[From Manxiana, 1870]


'Twas winter time when northern gales do drive
Fiercely across the mountains, when John Quirk,
At Ballaskella shepherd, at noon day,
Would flock his sheep in the stone fold, that there
Serve temporary shelter in the depth
Of heavy snow that sometimes tombs them up
Week after week, till want of food and cold
Starves them to death. This to prevent,
John took his faithful dog, and wandered off
High up o'er mountains inaccessible
To all but shepherds who the passes know.
He did his work; returning with his dog,
A blinding storm of hail, and sleet, and snow —
Sudden and thick — came o'er the aged man
Darkening his way, and darkening all around,
So that no mountain land-mark serv'd him then.
Snaefield and Penny Pot, unseen, were near,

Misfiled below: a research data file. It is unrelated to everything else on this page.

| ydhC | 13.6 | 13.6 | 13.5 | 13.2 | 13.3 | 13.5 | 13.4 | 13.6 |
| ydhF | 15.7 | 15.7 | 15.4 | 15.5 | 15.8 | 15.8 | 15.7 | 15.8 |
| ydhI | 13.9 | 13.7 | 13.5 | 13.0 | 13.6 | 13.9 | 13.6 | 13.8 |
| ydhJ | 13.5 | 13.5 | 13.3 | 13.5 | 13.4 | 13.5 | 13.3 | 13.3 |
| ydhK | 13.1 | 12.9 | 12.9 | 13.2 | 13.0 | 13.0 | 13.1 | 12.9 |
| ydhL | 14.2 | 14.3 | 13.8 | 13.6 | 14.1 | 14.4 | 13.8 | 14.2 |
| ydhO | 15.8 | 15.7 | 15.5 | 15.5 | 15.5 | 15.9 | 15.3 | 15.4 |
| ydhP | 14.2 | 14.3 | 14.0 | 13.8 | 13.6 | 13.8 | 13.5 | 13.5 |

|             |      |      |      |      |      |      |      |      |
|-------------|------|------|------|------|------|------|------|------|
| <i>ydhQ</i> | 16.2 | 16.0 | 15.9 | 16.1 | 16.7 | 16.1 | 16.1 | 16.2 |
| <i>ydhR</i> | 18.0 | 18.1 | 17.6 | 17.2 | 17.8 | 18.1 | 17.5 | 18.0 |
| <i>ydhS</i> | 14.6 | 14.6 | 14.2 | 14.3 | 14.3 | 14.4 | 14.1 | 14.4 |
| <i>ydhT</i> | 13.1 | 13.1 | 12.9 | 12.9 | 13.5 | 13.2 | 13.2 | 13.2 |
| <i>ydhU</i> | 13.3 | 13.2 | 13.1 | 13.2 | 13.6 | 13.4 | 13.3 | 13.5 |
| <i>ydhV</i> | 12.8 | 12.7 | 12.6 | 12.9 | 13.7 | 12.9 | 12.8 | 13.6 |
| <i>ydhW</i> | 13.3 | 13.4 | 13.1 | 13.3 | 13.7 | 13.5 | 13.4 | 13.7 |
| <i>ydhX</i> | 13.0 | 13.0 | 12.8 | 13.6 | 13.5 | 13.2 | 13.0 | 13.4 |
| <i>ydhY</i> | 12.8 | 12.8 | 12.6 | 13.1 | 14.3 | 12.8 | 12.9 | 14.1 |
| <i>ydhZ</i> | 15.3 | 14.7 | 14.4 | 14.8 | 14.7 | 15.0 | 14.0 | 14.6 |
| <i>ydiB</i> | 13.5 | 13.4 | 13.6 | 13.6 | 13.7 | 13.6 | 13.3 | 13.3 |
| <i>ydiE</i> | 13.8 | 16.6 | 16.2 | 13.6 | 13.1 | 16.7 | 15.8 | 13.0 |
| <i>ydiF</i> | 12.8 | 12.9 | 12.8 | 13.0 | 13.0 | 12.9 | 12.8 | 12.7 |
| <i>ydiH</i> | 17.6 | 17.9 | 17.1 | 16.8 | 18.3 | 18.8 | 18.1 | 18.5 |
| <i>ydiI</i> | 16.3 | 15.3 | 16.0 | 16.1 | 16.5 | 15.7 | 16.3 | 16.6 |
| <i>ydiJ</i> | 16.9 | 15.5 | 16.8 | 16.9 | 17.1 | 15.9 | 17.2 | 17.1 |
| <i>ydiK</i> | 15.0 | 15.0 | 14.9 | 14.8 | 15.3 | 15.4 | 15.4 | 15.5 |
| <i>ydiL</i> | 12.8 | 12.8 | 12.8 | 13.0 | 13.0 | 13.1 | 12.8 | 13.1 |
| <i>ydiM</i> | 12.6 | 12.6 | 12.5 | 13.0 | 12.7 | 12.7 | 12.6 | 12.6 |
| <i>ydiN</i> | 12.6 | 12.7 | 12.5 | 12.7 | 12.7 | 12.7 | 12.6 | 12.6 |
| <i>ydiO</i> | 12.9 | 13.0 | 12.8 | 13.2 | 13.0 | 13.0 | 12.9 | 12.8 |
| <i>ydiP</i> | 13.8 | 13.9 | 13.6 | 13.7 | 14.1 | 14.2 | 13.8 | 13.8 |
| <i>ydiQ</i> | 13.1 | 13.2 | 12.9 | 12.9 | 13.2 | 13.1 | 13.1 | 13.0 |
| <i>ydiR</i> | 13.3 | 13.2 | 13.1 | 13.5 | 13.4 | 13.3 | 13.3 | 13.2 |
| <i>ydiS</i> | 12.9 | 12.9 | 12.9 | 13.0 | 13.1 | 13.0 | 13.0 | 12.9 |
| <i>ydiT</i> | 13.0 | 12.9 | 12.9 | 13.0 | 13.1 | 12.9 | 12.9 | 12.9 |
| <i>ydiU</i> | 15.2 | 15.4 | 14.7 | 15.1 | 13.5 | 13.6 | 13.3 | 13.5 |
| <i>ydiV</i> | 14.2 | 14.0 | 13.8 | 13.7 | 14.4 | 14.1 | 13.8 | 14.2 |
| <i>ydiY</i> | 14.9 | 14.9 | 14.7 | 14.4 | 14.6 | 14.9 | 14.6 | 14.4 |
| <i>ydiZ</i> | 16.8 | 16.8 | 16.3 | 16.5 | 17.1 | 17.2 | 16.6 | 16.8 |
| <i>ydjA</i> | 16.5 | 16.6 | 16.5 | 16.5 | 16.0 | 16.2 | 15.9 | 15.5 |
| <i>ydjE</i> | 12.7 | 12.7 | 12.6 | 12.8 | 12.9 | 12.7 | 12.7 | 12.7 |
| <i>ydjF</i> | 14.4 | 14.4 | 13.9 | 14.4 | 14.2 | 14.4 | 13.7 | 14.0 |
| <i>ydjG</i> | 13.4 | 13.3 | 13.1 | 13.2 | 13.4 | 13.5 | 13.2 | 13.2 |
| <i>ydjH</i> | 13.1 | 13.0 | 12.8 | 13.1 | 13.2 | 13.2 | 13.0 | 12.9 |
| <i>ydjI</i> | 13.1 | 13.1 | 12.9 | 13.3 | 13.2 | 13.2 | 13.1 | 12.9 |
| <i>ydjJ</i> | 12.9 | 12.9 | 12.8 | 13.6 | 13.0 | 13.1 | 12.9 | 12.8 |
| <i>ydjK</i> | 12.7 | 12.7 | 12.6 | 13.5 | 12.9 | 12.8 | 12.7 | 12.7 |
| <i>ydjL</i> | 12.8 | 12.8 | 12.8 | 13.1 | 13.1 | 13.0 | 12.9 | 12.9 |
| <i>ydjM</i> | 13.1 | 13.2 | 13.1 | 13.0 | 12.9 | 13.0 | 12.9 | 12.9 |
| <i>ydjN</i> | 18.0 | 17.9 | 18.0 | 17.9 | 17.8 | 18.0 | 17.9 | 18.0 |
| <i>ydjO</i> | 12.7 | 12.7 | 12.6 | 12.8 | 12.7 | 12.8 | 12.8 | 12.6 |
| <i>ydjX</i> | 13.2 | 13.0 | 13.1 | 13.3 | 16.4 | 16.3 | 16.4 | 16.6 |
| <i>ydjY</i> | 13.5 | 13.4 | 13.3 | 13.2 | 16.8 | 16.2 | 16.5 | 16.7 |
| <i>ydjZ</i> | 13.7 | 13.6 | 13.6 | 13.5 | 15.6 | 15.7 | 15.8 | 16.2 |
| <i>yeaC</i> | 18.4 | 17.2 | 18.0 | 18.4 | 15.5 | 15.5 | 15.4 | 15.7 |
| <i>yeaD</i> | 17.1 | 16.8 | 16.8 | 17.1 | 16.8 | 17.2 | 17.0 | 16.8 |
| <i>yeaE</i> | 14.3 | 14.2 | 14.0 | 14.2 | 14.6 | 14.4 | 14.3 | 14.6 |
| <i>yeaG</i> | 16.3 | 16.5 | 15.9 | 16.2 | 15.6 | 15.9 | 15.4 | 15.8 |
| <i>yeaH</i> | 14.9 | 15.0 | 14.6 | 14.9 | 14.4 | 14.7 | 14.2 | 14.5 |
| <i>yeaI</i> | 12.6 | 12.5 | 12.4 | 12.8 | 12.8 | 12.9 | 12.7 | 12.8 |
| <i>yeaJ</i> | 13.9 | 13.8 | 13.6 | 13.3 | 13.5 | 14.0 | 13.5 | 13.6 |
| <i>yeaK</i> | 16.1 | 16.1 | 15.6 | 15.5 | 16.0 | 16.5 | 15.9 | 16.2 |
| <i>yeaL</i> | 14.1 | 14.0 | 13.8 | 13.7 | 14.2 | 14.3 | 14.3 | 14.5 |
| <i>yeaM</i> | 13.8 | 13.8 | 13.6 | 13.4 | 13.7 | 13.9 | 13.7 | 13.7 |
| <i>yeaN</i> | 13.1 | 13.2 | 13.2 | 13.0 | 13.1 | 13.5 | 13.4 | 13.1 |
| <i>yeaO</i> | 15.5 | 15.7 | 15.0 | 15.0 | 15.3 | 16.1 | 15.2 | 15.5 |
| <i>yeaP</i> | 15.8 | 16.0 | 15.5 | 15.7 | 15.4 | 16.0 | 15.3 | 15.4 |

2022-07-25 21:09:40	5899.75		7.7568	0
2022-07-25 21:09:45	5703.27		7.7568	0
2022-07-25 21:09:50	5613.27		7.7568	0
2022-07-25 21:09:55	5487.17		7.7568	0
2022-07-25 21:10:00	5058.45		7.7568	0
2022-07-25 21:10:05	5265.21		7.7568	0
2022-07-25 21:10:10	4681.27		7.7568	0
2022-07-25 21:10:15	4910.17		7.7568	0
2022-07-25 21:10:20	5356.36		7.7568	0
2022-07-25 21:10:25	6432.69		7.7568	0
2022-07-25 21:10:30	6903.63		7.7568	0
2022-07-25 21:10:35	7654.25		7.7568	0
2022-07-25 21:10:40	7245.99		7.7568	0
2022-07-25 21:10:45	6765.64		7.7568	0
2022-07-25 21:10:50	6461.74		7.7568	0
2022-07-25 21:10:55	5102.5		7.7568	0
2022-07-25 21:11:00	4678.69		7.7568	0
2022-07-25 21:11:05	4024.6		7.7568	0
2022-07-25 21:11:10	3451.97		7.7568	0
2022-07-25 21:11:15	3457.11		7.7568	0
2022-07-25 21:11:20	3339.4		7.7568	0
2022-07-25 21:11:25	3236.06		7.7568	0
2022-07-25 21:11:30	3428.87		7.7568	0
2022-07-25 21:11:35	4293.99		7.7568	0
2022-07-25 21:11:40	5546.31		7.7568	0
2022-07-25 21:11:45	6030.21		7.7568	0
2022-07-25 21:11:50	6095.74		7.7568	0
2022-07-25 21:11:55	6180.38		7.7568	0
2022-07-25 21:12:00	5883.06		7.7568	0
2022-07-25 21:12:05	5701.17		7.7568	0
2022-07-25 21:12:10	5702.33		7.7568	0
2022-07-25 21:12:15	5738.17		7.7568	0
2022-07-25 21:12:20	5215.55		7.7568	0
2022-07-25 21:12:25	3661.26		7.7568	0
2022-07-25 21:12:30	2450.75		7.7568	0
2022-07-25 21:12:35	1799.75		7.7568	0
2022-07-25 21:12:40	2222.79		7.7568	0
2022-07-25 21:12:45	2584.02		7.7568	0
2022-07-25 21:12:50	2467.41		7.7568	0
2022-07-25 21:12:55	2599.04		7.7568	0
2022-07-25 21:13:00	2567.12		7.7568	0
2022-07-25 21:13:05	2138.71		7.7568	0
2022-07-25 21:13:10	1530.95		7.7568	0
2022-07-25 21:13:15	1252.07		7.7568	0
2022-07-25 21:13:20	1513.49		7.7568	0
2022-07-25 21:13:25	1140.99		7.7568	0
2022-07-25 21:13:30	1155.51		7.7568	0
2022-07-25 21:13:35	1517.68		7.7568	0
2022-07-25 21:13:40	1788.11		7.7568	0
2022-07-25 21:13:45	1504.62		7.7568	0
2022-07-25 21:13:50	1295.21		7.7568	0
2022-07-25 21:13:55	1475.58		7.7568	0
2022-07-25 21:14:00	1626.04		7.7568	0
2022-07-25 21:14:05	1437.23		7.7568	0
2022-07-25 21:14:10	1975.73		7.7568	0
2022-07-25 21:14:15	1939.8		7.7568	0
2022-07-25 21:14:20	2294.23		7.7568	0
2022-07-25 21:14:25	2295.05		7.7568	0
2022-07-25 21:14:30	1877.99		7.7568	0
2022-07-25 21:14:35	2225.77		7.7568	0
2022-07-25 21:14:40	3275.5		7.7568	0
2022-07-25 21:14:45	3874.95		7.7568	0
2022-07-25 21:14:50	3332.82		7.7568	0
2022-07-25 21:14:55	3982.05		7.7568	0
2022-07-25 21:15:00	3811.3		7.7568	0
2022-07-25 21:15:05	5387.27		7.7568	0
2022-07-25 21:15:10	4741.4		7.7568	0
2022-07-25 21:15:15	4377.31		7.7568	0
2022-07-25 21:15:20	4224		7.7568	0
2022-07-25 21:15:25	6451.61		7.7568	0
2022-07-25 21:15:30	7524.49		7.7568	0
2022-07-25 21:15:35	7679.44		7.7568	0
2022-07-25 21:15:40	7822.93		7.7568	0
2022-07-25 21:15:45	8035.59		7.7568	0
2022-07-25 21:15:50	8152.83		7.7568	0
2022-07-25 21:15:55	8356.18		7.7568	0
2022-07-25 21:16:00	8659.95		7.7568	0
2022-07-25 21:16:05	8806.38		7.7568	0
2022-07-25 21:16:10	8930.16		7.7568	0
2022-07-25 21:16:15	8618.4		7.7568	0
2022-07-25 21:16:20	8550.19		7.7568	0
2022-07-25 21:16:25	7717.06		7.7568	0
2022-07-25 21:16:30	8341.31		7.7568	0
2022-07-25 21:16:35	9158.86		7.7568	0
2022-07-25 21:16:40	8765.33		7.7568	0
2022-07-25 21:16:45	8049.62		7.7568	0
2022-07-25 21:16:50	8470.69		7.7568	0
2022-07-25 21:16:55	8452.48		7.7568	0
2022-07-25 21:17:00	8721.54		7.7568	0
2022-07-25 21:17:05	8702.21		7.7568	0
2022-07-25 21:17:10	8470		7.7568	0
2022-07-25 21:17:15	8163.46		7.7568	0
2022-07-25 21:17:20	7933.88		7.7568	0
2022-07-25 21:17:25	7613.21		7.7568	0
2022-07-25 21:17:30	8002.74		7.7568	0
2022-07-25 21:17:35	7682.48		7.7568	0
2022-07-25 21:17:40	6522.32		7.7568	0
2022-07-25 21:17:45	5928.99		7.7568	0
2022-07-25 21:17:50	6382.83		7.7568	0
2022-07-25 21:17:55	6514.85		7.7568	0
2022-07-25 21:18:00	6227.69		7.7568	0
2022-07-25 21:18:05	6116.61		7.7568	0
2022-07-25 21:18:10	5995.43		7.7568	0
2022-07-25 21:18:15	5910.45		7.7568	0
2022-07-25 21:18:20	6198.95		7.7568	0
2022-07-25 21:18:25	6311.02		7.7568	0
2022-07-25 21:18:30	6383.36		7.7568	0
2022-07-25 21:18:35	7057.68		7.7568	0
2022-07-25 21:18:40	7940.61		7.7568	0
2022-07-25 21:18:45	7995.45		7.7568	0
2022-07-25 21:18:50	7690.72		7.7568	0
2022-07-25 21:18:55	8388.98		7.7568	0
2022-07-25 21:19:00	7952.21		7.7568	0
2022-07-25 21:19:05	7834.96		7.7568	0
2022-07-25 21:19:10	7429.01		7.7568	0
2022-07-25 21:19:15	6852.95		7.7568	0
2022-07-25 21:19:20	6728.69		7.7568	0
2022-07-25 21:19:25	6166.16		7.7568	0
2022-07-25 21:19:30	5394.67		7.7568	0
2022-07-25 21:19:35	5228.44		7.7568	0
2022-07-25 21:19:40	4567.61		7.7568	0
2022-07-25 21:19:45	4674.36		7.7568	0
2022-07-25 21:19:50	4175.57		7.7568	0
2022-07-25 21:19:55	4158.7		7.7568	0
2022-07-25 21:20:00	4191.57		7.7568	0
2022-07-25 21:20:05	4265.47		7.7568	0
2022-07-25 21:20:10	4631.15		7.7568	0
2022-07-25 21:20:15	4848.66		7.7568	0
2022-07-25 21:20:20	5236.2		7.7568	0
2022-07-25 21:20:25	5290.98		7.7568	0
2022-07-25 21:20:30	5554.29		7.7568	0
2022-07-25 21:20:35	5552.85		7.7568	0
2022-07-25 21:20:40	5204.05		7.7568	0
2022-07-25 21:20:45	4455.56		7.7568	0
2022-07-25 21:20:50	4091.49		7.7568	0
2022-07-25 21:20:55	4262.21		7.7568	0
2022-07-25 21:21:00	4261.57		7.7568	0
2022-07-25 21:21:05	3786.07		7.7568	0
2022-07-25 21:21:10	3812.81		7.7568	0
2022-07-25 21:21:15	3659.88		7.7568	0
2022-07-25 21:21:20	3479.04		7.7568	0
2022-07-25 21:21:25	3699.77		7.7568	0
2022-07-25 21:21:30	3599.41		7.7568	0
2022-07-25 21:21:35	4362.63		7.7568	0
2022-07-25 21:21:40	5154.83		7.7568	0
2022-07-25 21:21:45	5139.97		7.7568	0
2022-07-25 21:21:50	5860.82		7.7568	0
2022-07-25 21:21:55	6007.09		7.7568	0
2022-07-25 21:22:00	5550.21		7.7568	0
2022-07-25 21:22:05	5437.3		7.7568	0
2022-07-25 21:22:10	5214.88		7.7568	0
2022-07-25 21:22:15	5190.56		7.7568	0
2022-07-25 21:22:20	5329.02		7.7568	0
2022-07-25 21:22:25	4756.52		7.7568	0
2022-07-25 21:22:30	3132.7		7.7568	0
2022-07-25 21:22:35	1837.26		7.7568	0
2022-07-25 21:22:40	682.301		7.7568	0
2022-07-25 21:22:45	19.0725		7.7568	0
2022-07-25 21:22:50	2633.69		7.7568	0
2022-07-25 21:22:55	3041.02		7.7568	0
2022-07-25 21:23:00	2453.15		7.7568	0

The mountain road not a far distance off,
And land division stone dyke as a guide,
If he his stick could strike against it once,
He'd be at home, for that would guide him there.
Useless these in the black night of storm.
So poor old John gropes in a circle on —
As men do mostly when they lose their way —
Whether in th' Australian wilds, or prairie lands
Of the far West, or jungles of the East.
The night came on apace-on, on he groped,
And holloa'd loudly, as he thought, and swung
His arms across his chest to gather heat.
His dog bay'd too, as if to imitate
His master in th' endeavour to be heard.
All useless this — as the storm's furious roar —
The artillery of the Heavens stilled their voice.


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